A Sacrificial Death
"I must weep, / But they are cruel tears," says Othello near the end of his soliloquy in Act Five, Scene Two, right before killing Desdemona. Traditional Shakespearean murderers do not shed tears prior to killing their victim; in Shakespeare's Othello, however, the Moor is an ambivalent man justifying his actions through a cathartic release of emotions. Shakespeare uses techniques including a clever use of soliloquy, the use of repetition in diction, and tangible symbolism that together support his important underlying theme of Othello: preserving the ideal of Justice.
The clever use of a soliloquy in Othello's speech creates an intimacy between the reader and Othello; this contributes to understanding Othello's preservation of the ideal of Justice. Because the speaker is not addressing anyone but his soul, we as readers play the role of a mirror reflecting his image, but concurrently taking on our own perspective. In doing so, we feel much closer to him than if he were addressing another speaker and the reader was simply looking in from an outsider's perspective. Shakespeare reminds the readers that Othello is not happy with his decision, and so when he says, "Let me not name it to you, you chaste...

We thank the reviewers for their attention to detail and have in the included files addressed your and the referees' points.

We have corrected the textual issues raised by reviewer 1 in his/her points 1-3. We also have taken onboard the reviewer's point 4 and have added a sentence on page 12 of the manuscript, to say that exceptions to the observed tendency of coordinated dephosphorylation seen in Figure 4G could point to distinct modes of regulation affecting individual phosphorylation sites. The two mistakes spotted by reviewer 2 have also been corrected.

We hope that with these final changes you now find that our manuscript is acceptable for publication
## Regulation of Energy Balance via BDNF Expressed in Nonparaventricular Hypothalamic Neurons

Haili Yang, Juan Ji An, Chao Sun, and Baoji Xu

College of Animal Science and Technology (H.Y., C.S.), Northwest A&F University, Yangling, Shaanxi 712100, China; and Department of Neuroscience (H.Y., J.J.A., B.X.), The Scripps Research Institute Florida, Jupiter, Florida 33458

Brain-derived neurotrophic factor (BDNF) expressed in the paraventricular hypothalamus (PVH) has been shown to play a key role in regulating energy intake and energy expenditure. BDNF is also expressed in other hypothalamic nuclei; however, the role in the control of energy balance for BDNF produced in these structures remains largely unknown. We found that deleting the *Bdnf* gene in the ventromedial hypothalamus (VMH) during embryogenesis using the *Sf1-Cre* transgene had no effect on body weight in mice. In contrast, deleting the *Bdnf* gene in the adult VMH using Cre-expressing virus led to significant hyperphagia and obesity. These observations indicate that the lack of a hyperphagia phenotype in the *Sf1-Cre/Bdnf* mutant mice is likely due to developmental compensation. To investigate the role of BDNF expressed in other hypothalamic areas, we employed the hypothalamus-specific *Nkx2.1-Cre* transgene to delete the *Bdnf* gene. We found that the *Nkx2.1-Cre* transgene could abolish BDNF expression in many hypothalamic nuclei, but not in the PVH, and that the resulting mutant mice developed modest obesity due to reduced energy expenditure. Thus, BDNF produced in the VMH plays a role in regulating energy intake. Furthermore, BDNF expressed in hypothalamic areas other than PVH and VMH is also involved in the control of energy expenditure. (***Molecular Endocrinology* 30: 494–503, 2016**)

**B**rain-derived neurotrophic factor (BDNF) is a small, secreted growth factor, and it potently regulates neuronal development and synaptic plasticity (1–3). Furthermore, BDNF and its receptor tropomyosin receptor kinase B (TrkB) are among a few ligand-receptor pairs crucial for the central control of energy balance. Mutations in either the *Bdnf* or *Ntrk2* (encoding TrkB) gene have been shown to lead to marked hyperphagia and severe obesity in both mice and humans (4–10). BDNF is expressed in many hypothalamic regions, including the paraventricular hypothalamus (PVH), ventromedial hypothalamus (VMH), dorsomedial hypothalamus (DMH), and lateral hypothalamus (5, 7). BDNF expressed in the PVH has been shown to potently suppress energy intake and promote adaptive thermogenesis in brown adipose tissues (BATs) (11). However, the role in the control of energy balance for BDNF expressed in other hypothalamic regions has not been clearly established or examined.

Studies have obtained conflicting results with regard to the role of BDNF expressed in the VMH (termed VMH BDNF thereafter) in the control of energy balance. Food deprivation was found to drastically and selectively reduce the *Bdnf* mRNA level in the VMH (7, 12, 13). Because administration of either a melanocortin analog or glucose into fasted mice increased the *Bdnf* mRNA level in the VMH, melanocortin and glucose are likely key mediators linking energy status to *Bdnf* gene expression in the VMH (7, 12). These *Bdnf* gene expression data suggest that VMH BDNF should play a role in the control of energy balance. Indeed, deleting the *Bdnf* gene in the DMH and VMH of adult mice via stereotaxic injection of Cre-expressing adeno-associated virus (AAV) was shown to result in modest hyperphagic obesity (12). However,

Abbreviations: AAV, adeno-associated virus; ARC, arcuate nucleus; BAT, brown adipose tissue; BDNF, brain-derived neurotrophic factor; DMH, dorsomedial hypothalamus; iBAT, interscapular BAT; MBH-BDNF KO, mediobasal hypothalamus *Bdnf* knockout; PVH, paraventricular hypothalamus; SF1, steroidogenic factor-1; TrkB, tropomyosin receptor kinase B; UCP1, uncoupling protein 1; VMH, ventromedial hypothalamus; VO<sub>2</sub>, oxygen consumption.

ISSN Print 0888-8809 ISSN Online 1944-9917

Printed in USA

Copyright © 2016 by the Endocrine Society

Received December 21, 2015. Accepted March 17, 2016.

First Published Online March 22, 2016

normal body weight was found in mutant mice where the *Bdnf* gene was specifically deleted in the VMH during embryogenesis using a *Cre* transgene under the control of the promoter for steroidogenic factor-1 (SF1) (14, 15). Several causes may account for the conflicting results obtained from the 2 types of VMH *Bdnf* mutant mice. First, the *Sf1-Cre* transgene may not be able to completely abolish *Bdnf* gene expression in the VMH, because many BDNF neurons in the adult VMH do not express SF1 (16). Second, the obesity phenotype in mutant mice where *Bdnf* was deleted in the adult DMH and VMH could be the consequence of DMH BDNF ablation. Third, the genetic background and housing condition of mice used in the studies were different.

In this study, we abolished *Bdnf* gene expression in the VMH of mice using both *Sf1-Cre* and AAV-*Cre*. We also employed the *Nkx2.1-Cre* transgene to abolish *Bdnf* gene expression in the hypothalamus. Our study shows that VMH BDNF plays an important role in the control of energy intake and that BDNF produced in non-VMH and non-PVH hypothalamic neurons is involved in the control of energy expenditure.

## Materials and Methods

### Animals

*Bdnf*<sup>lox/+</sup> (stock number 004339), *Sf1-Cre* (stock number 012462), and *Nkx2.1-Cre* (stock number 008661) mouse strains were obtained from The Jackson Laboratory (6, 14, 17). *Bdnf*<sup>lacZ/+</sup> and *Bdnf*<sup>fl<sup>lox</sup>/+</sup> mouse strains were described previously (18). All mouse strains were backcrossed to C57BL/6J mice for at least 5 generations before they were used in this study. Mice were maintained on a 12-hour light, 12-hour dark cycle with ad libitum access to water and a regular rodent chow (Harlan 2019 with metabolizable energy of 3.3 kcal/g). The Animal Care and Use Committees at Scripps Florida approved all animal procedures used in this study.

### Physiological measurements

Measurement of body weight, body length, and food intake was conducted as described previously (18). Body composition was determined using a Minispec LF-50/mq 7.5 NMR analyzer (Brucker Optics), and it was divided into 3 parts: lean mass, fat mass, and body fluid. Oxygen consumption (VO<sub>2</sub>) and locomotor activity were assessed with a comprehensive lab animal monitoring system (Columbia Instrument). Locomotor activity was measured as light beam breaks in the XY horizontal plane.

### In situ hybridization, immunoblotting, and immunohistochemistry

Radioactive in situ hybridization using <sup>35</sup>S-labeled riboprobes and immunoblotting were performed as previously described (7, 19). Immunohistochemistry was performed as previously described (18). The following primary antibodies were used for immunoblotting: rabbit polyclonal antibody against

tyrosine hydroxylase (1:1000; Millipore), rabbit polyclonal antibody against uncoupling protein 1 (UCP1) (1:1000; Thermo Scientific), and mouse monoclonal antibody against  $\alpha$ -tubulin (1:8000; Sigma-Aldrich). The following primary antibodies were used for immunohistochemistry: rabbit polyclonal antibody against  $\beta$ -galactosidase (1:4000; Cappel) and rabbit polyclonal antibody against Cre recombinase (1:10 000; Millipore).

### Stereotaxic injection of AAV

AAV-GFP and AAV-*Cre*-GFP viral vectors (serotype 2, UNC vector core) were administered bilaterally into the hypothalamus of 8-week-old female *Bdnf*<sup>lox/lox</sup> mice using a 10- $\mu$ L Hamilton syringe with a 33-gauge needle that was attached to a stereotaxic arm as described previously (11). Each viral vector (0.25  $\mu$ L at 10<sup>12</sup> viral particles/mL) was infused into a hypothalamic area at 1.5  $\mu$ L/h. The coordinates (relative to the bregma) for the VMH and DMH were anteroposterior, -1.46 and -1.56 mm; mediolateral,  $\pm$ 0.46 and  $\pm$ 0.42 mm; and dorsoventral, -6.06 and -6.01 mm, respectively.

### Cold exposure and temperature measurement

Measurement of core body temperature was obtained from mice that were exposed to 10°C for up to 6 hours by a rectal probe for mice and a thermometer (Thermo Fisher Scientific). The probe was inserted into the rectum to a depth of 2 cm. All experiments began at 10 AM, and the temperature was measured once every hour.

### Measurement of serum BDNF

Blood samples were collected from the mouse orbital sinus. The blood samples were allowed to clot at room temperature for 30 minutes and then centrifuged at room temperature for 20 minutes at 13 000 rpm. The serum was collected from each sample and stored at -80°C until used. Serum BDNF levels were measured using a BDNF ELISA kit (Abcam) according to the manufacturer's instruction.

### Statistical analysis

Join Now to View Premium Content
GradeSaver provides access to 811 study guide PDFs and quizzes, 6022 literature essays, 1700 sample college application essays, 237 lesson plans, and ad-free surfing in this premium content, “Members Only” section of the site! Membership includes a 10% discount on all editing orders.
Already a member? Log in